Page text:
UN Secretary General Ban Ki-moon visited the Haitian capital on Sunday for a first-hand survey of the destruction and was scheduled to brief the UN Security Council on his return to New York.

Ban was to fly back to UN headquarters for a meeting with the 15-nation council, which was to convene on Monday to discuss the massive humanitarian operation to assist victims of the magnitude-7 earthquake that ravaged Haiti last Tuesday.

International organizations are bracing for a death toll of up to 200,000, a US military officer confirmed Sunday, a figure which would quadruple the estimates to date in the capital Port-au-Prince.

The UN confirmed on Sunday 40 of its staff, most of them peacekeepers, have been killed, including the three top leaders of the UN Stabilization Mission in Haiti (MINUSTAH). It said at least 330 UN personnel remain missing or unaccounted for. The reason for the high number of missing could be that many Haitians who worked for the UN have gone back to their families and failed to report to their offices.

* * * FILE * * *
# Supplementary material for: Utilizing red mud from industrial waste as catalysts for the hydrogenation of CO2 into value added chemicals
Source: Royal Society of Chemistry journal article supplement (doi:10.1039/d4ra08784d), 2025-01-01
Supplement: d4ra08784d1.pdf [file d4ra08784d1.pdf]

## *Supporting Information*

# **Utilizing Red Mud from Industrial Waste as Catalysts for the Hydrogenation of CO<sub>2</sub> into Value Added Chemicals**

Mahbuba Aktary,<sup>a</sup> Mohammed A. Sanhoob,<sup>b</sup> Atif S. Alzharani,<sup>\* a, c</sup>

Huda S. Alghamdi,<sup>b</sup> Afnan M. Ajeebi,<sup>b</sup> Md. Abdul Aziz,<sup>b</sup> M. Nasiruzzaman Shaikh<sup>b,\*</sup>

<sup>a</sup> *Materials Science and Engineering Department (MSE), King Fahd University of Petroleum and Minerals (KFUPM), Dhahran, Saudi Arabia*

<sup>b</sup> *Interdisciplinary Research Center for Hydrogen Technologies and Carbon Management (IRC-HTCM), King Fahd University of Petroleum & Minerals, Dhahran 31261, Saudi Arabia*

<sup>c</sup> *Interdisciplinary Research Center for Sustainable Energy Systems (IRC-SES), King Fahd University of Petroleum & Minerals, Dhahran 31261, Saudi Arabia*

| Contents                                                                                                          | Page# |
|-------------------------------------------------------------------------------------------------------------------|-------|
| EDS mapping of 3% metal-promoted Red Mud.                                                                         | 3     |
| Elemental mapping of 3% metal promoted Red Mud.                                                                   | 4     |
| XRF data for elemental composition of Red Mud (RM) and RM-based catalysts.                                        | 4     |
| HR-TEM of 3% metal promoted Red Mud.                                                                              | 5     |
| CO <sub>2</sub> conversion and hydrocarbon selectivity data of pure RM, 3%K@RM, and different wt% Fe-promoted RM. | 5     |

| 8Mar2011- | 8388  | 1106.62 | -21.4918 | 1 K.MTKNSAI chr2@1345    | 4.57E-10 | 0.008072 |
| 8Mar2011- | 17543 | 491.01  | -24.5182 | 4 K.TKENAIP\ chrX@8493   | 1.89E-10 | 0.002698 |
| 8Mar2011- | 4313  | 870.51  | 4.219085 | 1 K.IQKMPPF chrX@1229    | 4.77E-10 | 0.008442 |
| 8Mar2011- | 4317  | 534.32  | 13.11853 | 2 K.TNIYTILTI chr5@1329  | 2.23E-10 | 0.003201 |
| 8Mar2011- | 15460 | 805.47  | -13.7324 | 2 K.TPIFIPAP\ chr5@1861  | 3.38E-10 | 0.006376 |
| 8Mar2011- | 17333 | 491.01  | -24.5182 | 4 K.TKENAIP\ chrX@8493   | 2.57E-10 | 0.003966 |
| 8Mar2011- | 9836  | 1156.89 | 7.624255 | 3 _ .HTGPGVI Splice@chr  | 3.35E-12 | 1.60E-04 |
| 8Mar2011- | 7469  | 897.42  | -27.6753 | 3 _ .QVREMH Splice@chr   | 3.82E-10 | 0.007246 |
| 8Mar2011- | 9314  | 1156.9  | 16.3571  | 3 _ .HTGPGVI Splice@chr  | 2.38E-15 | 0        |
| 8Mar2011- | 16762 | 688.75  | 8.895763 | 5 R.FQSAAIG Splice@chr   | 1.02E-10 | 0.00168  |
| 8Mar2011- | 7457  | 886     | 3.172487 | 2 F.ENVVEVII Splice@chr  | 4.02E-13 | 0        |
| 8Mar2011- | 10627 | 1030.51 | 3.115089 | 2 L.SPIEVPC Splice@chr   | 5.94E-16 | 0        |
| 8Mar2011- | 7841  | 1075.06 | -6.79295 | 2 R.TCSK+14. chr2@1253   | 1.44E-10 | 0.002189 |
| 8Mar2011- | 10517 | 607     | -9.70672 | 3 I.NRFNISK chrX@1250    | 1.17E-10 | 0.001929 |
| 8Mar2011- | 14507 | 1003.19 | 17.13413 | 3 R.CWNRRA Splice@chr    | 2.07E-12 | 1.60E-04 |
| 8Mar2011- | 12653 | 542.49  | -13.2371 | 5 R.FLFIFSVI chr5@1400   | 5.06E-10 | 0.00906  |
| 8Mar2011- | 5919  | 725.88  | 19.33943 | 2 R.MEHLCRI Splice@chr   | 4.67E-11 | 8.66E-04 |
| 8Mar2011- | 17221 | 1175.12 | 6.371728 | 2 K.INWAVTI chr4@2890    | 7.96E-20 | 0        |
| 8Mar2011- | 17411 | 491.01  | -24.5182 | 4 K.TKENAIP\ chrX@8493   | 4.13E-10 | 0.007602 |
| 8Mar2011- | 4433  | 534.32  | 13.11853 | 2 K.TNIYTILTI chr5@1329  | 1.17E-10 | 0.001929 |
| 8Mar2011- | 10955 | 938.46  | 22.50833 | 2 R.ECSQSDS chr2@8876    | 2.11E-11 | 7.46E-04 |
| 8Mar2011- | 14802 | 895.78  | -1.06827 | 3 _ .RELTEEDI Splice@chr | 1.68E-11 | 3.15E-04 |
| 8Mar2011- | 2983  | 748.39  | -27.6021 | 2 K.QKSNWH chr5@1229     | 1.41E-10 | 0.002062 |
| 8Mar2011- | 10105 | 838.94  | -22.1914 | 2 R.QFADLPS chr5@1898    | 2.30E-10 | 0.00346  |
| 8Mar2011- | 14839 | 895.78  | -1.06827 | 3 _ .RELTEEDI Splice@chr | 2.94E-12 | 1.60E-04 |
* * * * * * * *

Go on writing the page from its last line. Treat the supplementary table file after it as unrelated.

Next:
Ban surveyed the destruction in Port-au-Prince by helicopter on Sunday and was scheduled to meet with Haitian President Rene Preval to discuss the relief operation involving governments and dozens of international groups.

UN spokesmen said Ban also went to the main UN compound that used to be the headquarters of the UN Stabilization Mission in Haiti (MINUSTAH), which collapsed last Tuesday, killing the chief of mission Hedi Annabi, his deputy Luiz Carlos da Costa and the acting UN police chief, Doug Coates.

MINUSTAH is composed of 7,000 military troops, most of them from Brazil, and 2,000 international police.

Ban said last week the UN’s three main priorities in Haiti were to save as many people as possible, bring emergency humanitarian aid in the form of water, food and medication, and to coordinate the massive aid effort.

Accompanying Ban in Haiti were the head of the UN Development Program Helen Clark, Under-Secretary General for Peacekeeping Alain LeRoy, UN humanitarian chief John Holmes and Susana Malcorra, who is in charge of UN field support operations.

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